Authors: Miss Read
Tags: #Fiction, #England, #Country life, #Country Life - England, #Fairacre (England : Imaginary Place)
|Storm in the Village|
|Houghton Mifflin Harcourt (1958)|
|Tags:||Fiction, England, Country Life, Fairacre (England : Imaginary Place), Country Life - England|
Fictionttt Englandttt Country Lifettt Fairacre (England : Imaginary Place)ttt Country Life - Englandttt
Trouble brews in the tiny country village of Fairacre when it is discovered that Farmer Miller’s Hundred Acre Field is slated for real estate development. Alarming rumors are circulating, among them the fear that the village school may close. The endearing schoolmistress Miss Read brings her inimitable blend of affection and clear-sighted candor to this report, in which a young girl finds her first love, an older woman accepts a new role in life, and the impassioned battle to save the village from being engulfed is at the forefront of every villager’s mind.
About the Author
Miss Read is the pseudonym of Mrs. Dora Saint, a former schoolteacher beloved for her novels of English rural life, especially those set in the fictional villages of Thrush Green and Fairacre. The first of these, Village School, was published in 1955, and Miss Read continued to write until her retirement in 1996. In the 1998, she was awarded an MBE, or Member of the Order of the British Empire, for her services to literature. She lives in Berkshire.
Storm in the Village
Illustrated by J.S. Goodall
HOUGHTON MIFFLIN COMPANY
Boston • New York
First Houghton Mifflin paperback edition 2007
Copyright © 1958 by Miss Read
Copyright © renewed 1986 by Dora Jessie Saint
All rights reserved
For information about permission to reproduce selections
from this book, write to Permissions, Houghton Mifflin Company.
215 Park Avenue South, New York, New York 10003.
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Library of Congress Cataloging-in-Publication Data
Storm in the village / Miss Read ; Illustrated by J.S. Goodall—
1st Houghton Mifflin paperback ed.
-13: 978-0-618-88416-2 (trade pbk.)
-10: 0-618-88416-5 (trade pbk.)
1. Fairacre (England : Imaginary place)—Fiction. 2. Country life
—England—Fiction. 3. Villages—England—Fiction. I. Title.
Printed in the United States of America
10 9 8 7 6 5 4 3 2 1
Straws in the Wind
1 The Two Strangers 9
2 Fairacre's Daily Round 19
3 Mrs Annett Has Doubts 28
4 Reviving the Flower Show 41
5 Rumours Fly 48
6 Trouble and Love 59
The Storm Breaks
7 Miss Jackson's Errand 73
8 The Gamekeeper's Cottage 82
9 The Vicar Does His Duty 91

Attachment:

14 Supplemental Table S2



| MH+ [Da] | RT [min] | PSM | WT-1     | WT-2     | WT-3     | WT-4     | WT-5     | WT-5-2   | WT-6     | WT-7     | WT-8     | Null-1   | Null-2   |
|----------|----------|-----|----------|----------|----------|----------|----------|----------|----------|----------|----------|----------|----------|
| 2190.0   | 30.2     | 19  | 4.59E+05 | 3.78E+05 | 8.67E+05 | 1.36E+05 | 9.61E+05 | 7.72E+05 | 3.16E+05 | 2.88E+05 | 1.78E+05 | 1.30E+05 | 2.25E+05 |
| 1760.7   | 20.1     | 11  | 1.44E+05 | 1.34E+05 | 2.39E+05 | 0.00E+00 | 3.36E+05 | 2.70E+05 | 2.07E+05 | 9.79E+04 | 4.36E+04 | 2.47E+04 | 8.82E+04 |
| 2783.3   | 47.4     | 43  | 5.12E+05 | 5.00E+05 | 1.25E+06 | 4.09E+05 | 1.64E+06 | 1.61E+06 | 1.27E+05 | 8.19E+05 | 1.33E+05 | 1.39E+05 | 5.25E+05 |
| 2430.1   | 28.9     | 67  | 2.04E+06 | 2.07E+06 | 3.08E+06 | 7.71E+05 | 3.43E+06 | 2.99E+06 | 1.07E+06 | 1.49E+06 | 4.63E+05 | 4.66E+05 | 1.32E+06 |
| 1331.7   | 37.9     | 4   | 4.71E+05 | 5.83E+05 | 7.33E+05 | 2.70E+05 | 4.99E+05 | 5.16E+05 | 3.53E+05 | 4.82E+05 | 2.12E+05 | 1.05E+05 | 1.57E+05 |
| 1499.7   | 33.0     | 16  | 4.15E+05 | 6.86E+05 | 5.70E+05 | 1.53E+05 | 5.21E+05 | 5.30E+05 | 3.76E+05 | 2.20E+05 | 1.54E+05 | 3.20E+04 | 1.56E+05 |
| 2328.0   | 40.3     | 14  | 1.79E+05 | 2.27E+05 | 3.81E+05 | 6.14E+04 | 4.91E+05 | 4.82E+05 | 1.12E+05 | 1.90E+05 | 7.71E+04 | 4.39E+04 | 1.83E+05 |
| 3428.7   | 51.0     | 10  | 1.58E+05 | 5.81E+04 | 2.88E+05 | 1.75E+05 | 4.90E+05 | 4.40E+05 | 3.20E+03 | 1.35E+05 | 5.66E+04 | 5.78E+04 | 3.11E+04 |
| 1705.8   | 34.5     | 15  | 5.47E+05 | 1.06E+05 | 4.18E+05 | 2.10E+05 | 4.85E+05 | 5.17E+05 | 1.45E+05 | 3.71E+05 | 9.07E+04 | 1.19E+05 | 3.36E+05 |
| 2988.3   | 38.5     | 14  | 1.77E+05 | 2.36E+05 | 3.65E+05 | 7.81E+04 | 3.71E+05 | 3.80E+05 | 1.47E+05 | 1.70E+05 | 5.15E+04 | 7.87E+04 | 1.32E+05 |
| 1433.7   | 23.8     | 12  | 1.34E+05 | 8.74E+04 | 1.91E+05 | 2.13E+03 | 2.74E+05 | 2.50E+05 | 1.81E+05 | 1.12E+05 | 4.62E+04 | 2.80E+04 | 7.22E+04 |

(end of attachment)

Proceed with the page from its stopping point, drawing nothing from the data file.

10 The Flower Show 100
11 Parish Council Affairs 112
12 Miss Crabbe Decends Upon Fairacre 121
13 Fairacre Speaks its Mind 131
14 A Day of Catastrophe 142
Thunder and Lightning
15 Dr Martin is Busy 157
16 Miss Crabbe Reappears 169
17 Joseph Coggs Leaves Home 176
18 The Public Enquiry 184
Calm After Storm
19 Mrs Coggs Fights a Battle 205
20 Miss Jackson Hears Bad News 214
21 The Problem of Miss Clare 220
22 Fairacre Waits and Wonders 229
23 The Village Hears the News 235
24 Farewell to Fairacre 244
Straws in the Wind
1. The Two Strangers
thatched cottage lay comfortably behind a mixed hedge of hawthorn, privet and honeysuckle, on the outskirts of Beech Green. The village was a scattered one, unlike its neighbour Fairacre, where Miss Clare had been the infants' teacher for over forty years, only relinquishing her post when ill-health and the three-mile bicycle journey proved too much for even her indomitable courage.
The cottage had been Miss Clare's home for almost sixty years. Her father had been a thatcher by trade, and the criss-cross decorations on the roof still testified to his skill, for they had been braving the weather for over twenty years, and stood out as clearly now, on the greying thatched roof, as they had on the first day of their golden glory. It was true that here and there, particularly round the squat red-brick chimney, the roof was getting a little shabby. Miss Clare often looked at it ruefully, when she went into the back garden to empty her tea-pot or to cut a cabbage, but as long as it remained weather-proof she had decided that it must stay as it was. It would cost at least two hundred pounds, she had been told, to rethatch her home; and that was out of the question.
One breezy March morning, when the rooks were tumbling about the blue and white sky, high above the cottage, Miss Clare was upstairs, making her lodger's bed. A shaft of sunlight fell across the room, as Miss Clare's thin, old hands smoothed the pillow and covered it squarely with the white honeycomb quilt which had once covered her mother's bed.
No one would call Miss Jackson tidy, thought Miss Clare, as she returned books from the floor to the book-shelf, and retrieved shoes from under the bed. It was one of the few things that grieved her about her young lodger. Otherwise she was thoughtful, and very, very clever with the children.